Bangalore, Stymied by the Visa Shortage, Hires in the U.S.
MindTree, an Indian outsourcing specialist from Bangalore, has 11,000 employees doing work for customers in banking, insurance, and other industries. Most are in India. But since the company sometimes wants those workers to be close to the clients, MindTree has 850 employees in the U.S., working in 36 different states. Some are U.S. citizens or green card holders, but about 60 percent have entered the country on one of two types of work visas. With the U.S. unemployment rate higher than 8 percent, and Indian outsourcing already an issue in the presidential election, those visas are getting harder to secure. “Rejection rates are way up,” says Scott Staples, president of MindTree’s U.S. operation. “It’s so much harder to get visas approved.”
Executives at other Indian outsourcers face similar problems. Big companies such as Tata Consultancy Services, Infosys, and Wipro have become global outsourcing powers. Most of their workers are in Bangalore, Mumbai, and other Indian cities, but, like smaller rival MindTree, the largest companies also need to have employees on the ground for “onshore” work. To get these workers into the U.S., companies rely on several types of visas. One is the H-1B, which the U.S. reserves for people with specific types of training. Another is the L-1B, for employees with specialized knowledge.
Getting those visas has become a lot trickier. Rejection rates, which were around 10 percent five years ago, are now as high as 50 percent, says Ajoyendra Mukherjee, executive vice president and head of global human resources for Tata, India’s largest IT services company. Nasscom, the Indian IT services industry’s trade organization, is lobbying for a relaxation of the rules that govern visa applications. The high rejection rates “add immensely to the uncertainty of our business,” says Som Mittal, Nasscom’s president. “We are never sure why somebody will be approved or not.”
Indians are upset about other U.S. policies affecting the outsourcing industry, too. For instance, Prime Minister Manmohan Singh’s government last month filed a complaint with the World Trade Organization about a 2010 U.S. law that doubled the fees Indian companies pay for work visas. Indians also say the U.S. has made the application process for H-1B visas more difficult by demanding that applicants provide new information such as testimonials from professors. Over the past three years, consulate officers have asked for “too much information which is very difficult to provide,” says Mittal. “It’s just onerous.”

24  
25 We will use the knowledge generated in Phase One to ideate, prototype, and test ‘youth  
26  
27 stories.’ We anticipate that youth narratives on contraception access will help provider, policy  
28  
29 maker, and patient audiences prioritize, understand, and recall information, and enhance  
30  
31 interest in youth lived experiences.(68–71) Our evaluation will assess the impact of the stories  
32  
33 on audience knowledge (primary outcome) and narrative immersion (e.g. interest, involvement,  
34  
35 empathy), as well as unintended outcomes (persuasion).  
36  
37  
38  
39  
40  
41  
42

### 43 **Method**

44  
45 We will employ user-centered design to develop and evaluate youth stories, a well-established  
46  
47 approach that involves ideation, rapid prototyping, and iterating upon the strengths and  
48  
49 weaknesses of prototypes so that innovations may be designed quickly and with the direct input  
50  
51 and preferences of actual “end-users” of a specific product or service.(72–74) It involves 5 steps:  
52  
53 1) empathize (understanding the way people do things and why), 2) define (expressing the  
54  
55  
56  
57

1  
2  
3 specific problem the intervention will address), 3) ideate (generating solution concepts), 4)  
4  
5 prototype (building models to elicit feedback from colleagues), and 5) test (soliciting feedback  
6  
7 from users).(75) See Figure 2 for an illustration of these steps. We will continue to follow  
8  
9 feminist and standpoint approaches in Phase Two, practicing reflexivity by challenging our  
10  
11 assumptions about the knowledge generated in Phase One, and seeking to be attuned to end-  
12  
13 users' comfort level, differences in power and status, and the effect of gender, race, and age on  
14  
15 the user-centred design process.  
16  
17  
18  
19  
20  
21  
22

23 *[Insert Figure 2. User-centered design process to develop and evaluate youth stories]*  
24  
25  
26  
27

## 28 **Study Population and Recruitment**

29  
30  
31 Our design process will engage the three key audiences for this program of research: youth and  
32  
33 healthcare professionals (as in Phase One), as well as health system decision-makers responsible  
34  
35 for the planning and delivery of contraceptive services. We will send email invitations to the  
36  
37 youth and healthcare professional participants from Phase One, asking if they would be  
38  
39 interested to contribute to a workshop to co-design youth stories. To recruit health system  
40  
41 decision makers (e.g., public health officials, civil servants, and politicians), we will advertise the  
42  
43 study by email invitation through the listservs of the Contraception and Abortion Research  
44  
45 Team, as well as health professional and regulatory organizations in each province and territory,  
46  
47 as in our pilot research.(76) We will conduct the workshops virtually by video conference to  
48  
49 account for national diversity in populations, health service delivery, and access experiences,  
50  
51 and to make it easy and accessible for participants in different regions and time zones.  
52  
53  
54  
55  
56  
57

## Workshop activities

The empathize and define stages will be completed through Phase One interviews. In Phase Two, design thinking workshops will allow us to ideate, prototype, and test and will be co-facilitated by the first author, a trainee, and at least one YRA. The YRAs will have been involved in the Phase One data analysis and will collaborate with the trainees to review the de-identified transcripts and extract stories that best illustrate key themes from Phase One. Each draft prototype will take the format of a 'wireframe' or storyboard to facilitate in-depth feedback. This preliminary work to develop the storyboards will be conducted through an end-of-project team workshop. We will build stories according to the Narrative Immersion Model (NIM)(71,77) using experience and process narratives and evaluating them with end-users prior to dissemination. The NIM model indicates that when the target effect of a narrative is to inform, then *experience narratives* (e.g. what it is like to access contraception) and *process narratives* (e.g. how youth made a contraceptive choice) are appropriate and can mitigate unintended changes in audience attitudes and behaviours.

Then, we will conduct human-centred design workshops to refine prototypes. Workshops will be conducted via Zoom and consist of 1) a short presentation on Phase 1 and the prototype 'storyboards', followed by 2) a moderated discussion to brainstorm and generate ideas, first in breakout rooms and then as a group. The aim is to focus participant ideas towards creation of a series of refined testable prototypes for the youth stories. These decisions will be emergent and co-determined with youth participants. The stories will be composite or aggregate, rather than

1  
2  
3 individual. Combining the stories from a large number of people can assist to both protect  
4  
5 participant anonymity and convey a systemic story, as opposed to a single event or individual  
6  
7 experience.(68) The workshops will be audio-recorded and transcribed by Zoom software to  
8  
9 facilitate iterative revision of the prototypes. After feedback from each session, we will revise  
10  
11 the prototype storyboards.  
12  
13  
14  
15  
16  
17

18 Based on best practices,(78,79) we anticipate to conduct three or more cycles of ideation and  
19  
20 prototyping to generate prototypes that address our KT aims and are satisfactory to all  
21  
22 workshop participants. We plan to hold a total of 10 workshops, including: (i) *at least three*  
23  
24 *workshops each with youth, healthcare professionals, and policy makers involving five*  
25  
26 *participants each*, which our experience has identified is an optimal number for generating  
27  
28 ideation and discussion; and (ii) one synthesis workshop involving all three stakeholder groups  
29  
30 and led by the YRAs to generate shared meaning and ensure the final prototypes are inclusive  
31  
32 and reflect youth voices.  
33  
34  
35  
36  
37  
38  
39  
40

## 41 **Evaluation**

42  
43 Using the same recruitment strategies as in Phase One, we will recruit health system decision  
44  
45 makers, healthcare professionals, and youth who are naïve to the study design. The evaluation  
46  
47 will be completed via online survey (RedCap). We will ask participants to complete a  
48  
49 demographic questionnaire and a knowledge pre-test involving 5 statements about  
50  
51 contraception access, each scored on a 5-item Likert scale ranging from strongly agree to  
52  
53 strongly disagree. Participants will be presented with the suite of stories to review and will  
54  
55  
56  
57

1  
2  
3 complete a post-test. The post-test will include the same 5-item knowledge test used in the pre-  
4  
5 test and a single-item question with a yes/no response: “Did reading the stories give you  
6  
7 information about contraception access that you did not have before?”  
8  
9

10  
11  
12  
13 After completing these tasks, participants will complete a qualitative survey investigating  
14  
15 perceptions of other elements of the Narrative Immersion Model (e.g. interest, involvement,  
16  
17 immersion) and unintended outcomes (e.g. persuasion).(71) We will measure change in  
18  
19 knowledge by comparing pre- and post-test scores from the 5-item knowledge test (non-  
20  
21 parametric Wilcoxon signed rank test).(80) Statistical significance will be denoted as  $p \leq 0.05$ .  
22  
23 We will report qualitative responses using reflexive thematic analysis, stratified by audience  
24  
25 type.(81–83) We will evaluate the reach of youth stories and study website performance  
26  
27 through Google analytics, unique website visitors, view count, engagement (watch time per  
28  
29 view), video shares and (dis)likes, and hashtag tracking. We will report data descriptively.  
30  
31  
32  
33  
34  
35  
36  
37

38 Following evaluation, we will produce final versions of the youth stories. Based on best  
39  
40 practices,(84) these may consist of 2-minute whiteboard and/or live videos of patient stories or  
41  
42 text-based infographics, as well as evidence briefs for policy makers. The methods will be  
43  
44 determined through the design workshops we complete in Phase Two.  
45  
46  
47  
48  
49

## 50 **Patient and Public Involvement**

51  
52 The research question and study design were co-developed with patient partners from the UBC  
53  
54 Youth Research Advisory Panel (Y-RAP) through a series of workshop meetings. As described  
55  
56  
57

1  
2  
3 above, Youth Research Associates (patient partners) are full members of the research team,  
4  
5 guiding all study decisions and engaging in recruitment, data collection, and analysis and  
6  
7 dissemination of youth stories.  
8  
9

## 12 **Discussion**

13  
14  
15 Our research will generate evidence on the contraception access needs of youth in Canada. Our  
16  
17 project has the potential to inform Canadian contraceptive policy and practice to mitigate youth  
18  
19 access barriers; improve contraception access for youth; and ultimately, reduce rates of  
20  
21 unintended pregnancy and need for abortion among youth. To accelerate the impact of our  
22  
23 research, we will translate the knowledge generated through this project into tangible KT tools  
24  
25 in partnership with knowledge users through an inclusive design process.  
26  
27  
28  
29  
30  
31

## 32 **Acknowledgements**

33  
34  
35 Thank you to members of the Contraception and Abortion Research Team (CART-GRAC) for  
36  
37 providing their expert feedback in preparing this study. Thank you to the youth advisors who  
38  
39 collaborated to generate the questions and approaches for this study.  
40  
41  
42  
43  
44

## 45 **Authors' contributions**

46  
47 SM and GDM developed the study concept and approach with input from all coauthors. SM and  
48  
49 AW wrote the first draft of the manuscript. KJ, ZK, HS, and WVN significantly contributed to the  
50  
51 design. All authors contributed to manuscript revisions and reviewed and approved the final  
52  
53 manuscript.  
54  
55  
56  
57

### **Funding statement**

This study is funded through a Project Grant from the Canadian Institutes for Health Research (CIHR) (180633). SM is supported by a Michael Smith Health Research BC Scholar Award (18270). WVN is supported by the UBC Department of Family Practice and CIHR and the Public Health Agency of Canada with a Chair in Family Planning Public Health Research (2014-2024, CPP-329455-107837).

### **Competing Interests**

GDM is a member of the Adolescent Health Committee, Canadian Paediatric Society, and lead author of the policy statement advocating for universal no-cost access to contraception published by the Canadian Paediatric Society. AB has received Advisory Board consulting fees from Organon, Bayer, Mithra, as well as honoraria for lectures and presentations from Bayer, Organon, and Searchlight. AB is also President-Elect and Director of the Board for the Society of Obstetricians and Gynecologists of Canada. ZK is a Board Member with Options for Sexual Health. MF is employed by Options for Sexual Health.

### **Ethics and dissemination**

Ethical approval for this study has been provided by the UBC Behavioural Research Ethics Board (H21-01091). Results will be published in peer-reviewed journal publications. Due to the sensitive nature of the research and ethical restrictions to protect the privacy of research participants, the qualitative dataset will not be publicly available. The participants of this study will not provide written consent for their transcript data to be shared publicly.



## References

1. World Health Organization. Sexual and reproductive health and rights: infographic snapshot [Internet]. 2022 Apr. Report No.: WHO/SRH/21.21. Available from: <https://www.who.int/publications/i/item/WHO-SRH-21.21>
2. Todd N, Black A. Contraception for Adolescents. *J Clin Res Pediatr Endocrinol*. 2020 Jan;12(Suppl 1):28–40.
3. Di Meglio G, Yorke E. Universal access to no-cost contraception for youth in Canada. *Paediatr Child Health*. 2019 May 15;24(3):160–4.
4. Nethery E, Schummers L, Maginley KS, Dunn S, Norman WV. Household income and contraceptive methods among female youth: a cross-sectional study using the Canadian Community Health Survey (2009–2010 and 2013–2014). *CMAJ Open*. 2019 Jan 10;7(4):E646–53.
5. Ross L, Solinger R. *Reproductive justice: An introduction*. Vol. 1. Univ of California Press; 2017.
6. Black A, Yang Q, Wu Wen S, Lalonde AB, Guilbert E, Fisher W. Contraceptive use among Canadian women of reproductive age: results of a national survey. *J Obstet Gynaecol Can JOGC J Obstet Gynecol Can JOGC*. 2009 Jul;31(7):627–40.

Companies are pushing the Obama administration to ease up—and they’re enlisting corporate allies in the U.S. In March, 64 companies, including Boeing, Procter & Gamble, General Electric, and Microsoft, wrote to President Obama about “unprecedented delays” caused by what they called “an inconsistent and improperly narrowed definition” of what constitutes the type of specialized knowledge needed for an L-1B visa. The stricter interpretation of the rules dates back to early 2011, says Jay Ruby, a partner in Atlanta with Ogletree Deakins, the third-largest immigration law firm in the U.S. With the new definition of specialized knowledge, he says, the government is “essentially restricting eligibility to a handful of people.”
Indian companies are considering such alternatives as employing more locals. Tata hired 1,600 people in the U.S. last year, up from 1,200 in 2010. With the unemployment rate high, the pressure on visas is “inevitable,” says MindTree’s Staples, who predicts a decline in the company’s use of work visas. MindTree plans to hire 400 people at a new center in Gainesville, Fla., and Staples expects to open more centers in the U.S. “If visas become harder to get,” he says, “we have the ability to accelerate that.”